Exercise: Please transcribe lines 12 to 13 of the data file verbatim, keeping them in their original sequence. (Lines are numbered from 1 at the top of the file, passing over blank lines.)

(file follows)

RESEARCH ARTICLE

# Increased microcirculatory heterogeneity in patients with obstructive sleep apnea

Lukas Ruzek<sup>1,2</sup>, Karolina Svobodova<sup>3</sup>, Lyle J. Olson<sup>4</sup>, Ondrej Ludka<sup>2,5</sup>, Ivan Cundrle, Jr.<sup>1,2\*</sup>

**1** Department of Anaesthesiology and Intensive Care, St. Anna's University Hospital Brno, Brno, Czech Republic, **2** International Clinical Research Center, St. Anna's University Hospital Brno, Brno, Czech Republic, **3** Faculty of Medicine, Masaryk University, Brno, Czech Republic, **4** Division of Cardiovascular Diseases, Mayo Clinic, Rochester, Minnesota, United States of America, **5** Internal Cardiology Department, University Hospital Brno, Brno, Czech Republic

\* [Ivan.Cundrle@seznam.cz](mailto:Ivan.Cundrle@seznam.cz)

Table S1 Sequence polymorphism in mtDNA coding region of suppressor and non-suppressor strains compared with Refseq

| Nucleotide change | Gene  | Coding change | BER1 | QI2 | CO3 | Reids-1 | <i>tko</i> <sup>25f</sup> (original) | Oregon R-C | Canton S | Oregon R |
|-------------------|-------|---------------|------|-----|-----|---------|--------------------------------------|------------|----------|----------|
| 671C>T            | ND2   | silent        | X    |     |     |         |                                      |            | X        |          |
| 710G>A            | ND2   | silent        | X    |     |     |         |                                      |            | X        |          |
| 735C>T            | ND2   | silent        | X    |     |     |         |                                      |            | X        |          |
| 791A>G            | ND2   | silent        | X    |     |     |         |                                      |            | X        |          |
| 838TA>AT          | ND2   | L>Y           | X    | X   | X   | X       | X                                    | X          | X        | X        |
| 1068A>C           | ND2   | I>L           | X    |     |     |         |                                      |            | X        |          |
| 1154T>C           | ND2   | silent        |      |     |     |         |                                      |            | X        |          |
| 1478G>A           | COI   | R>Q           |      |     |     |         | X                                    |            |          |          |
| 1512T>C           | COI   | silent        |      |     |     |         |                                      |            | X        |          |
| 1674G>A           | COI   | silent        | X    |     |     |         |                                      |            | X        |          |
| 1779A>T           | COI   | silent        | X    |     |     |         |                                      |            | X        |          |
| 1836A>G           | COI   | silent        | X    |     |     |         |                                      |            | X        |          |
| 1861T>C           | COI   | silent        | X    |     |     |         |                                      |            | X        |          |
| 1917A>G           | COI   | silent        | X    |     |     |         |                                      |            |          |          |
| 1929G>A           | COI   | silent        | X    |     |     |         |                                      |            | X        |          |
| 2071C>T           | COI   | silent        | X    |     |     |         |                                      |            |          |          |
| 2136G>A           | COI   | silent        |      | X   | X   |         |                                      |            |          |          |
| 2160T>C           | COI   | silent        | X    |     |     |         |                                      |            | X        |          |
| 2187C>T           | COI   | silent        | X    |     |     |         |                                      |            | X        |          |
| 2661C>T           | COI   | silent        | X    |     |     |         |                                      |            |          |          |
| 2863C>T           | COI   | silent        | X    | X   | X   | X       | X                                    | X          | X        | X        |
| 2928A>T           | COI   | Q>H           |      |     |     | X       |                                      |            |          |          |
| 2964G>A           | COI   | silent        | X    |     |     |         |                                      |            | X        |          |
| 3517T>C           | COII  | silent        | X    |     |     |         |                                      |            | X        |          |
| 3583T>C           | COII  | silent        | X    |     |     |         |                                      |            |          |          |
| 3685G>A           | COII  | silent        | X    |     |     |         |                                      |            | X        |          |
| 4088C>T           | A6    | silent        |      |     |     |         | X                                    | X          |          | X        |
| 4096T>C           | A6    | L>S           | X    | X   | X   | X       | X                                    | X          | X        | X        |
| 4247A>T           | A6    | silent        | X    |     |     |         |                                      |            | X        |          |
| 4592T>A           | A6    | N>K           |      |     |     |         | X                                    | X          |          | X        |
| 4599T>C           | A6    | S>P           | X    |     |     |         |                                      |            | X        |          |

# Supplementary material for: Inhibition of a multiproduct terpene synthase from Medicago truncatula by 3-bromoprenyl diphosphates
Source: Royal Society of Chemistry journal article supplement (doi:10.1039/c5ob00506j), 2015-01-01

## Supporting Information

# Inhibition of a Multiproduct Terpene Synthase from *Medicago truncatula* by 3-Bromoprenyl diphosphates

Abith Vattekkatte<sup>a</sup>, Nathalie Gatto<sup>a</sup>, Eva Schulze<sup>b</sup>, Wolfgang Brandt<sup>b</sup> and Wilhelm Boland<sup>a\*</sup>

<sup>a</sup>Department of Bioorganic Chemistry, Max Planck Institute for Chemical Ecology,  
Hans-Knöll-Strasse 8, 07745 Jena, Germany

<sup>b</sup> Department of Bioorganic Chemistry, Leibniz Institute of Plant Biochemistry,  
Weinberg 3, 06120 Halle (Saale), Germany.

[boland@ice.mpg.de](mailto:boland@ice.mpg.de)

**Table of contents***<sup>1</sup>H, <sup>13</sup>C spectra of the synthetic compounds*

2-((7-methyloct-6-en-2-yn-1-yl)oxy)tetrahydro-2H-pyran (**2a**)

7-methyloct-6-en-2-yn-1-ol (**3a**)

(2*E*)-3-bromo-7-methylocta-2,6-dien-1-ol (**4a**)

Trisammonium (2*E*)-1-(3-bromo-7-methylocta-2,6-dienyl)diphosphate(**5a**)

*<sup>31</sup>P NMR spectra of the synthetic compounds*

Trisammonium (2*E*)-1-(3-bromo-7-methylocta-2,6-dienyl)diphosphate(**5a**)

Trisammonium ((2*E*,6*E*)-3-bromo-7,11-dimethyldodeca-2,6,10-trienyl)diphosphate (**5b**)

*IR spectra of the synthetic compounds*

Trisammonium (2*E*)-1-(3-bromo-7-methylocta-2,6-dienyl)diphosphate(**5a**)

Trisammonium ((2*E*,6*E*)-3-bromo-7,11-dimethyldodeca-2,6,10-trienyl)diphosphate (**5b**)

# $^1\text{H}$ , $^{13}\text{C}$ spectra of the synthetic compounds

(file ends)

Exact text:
| 791A>G            | ND2   | silent        | X    |     |     |         |                                      |            | X        |          |
| 838TA>AT          | ND2   | L>Y           | X    | X   | X   | X       | X                                    | X          | X        | X        |